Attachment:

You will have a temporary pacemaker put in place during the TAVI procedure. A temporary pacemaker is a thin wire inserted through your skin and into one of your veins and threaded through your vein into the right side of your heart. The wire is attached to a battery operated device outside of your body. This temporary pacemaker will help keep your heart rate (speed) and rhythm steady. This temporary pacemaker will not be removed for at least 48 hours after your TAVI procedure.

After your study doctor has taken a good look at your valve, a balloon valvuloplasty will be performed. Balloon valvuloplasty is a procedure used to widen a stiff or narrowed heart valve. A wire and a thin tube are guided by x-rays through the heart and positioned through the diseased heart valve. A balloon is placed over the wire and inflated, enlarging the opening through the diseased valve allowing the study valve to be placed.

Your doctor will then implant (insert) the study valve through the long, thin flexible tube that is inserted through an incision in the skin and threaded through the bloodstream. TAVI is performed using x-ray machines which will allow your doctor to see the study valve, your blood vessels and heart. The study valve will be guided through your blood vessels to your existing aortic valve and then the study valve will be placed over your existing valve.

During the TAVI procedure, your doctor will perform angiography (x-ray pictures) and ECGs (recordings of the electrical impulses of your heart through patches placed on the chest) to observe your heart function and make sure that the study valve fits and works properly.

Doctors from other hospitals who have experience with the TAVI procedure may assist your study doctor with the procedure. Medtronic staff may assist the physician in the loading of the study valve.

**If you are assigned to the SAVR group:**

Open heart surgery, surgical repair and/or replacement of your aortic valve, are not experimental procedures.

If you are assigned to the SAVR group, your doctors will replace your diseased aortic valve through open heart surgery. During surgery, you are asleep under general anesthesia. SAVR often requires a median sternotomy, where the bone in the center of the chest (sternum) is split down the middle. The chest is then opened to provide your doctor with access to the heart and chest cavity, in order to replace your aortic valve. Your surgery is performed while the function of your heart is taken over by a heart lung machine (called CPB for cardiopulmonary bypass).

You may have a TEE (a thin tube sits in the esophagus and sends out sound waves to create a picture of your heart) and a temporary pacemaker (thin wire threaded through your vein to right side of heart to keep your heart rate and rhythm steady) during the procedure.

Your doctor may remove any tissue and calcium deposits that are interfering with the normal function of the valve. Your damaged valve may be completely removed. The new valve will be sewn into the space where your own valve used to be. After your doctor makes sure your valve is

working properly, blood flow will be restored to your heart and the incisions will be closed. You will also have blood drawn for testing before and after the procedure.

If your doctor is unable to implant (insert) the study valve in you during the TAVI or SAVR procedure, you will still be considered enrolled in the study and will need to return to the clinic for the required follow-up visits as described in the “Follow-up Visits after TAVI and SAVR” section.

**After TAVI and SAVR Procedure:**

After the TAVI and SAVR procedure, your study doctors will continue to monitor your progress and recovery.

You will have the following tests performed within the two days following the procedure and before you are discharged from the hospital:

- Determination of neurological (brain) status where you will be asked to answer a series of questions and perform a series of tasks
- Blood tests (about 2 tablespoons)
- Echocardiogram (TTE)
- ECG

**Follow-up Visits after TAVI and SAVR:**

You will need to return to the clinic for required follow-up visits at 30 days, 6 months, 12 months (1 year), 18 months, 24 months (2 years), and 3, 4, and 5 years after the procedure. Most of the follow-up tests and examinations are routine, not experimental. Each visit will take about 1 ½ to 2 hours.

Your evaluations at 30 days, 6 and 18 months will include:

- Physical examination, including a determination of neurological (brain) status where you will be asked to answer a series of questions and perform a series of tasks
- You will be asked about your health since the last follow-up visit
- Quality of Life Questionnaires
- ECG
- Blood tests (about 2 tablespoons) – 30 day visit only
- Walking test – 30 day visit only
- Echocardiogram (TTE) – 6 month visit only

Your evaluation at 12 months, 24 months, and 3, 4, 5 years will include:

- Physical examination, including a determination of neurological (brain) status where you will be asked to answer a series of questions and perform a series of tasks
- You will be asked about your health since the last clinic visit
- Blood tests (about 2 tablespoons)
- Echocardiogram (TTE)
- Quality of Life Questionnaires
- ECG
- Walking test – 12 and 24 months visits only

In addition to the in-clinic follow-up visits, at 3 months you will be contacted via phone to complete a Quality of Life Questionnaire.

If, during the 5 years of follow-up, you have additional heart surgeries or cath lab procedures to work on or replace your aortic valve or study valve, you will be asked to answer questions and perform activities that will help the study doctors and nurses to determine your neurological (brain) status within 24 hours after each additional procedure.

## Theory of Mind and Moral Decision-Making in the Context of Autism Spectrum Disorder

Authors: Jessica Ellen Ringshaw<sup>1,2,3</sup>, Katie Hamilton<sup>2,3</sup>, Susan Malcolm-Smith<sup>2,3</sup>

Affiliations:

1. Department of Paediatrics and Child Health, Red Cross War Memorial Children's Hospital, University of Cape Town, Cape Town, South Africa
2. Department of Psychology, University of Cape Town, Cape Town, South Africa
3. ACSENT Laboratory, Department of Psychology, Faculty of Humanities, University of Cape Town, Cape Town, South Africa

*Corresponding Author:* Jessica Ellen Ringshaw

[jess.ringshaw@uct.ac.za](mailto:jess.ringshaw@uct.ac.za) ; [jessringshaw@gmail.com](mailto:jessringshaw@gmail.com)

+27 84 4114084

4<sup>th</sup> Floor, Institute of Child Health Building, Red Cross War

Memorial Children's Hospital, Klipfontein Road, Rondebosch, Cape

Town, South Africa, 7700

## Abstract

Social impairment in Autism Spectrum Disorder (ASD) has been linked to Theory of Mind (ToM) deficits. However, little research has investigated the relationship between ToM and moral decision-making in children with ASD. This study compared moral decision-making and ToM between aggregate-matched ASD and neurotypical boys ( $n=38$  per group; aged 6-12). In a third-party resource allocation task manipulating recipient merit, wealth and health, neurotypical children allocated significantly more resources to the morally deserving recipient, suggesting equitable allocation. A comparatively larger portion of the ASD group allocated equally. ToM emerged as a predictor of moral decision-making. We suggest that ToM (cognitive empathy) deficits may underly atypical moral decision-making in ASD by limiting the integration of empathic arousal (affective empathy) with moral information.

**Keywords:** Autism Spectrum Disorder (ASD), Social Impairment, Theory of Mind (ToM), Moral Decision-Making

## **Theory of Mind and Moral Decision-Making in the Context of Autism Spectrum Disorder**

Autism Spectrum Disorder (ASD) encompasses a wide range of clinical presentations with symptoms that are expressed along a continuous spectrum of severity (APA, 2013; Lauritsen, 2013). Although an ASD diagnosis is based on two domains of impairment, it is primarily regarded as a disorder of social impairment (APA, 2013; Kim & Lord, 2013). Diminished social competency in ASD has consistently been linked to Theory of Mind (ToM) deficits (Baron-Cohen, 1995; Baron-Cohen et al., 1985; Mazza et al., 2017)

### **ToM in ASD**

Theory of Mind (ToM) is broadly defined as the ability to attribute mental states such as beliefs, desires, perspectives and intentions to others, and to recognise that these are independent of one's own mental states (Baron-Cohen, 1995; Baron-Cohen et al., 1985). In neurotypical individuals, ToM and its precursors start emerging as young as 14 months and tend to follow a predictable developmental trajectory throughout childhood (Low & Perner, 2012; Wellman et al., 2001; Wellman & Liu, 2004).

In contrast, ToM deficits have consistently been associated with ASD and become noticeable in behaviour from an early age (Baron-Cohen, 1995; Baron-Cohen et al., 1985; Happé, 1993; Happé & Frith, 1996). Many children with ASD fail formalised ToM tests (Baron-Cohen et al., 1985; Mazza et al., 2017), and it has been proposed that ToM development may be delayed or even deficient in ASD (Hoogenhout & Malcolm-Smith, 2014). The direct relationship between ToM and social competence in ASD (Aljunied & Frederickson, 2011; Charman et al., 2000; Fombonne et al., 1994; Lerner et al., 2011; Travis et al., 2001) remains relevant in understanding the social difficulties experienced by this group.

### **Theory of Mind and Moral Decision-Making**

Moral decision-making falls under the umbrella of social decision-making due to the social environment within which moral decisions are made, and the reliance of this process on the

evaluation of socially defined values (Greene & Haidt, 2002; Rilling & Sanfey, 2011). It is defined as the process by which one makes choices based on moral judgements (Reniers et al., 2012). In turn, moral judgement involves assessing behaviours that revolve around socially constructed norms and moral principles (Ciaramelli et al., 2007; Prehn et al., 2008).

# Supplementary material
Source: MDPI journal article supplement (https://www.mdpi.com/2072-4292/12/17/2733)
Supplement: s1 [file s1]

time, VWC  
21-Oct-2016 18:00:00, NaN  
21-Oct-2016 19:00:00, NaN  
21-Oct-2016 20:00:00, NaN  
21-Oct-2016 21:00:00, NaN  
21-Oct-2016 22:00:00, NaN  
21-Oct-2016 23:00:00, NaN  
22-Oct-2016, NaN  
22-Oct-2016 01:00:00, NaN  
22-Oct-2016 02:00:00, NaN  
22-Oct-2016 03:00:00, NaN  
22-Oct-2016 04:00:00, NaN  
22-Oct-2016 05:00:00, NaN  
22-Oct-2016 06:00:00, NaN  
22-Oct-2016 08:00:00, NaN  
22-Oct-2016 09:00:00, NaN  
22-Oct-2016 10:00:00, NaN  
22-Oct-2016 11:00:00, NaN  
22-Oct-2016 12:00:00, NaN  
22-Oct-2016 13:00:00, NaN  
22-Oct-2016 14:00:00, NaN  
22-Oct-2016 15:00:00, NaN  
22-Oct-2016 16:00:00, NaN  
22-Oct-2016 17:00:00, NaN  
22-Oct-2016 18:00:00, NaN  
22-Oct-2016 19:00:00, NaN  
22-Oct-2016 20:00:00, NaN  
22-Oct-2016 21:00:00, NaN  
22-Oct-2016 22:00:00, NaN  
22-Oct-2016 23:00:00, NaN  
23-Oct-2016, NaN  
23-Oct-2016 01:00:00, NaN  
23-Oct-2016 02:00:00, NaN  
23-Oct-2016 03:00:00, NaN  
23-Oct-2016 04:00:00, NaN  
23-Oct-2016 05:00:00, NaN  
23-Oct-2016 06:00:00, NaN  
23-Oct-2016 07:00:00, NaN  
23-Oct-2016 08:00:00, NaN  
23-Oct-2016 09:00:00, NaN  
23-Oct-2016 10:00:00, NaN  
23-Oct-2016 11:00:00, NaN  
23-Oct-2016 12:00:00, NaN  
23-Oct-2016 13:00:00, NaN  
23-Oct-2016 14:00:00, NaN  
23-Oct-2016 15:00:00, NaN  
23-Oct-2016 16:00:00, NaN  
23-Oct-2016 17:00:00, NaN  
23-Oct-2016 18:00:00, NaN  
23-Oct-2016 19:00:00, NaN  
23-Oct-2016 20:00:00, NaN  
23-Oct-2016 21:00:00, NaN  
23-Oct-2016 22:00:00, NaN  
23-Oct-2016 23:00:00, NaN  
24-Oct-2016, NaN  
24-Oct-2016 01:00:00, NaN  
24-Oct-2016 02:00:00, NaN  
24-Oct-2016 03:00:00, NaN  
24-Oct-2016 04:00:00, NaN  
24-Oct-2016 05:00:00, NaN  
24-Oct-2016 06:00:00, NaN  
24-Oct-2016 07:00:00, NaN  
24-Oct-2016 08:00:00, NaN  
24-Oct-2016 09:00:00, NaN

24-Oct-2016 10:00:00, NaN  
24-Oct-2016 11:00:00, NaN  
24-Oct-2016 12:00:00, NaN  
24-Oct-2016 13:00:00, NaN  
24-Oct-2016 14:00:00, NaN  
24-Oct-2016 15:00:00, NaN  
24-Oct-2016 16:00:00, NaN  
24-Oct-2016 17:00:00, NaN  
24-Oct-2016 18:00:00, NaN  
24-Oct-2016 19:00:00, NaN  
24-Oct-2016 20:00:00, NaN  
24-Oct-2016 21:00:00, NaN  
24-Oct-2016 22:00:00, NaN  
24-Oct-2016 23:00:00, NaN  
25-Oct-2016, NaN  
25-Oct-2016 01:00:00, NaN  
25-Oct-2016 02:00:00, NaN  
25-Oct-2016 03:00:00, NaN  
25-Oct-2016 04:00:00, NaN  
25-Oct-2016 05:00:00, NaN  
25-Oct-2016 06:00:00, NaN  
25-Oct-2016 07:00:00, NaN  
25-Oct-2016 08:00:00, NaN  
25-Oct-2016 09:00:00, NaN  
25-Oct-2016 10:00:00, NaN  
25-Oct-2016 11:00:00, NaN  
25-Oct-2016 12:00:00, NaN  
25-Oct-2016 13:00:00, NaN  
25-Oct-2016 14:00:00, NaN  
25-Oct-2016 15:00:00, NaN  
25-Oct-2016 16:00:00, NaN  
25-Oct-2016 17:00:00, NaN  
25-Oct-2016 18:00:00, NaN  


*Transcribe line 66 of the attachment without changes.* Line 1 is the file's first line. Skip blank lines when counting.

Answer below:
time, VWC  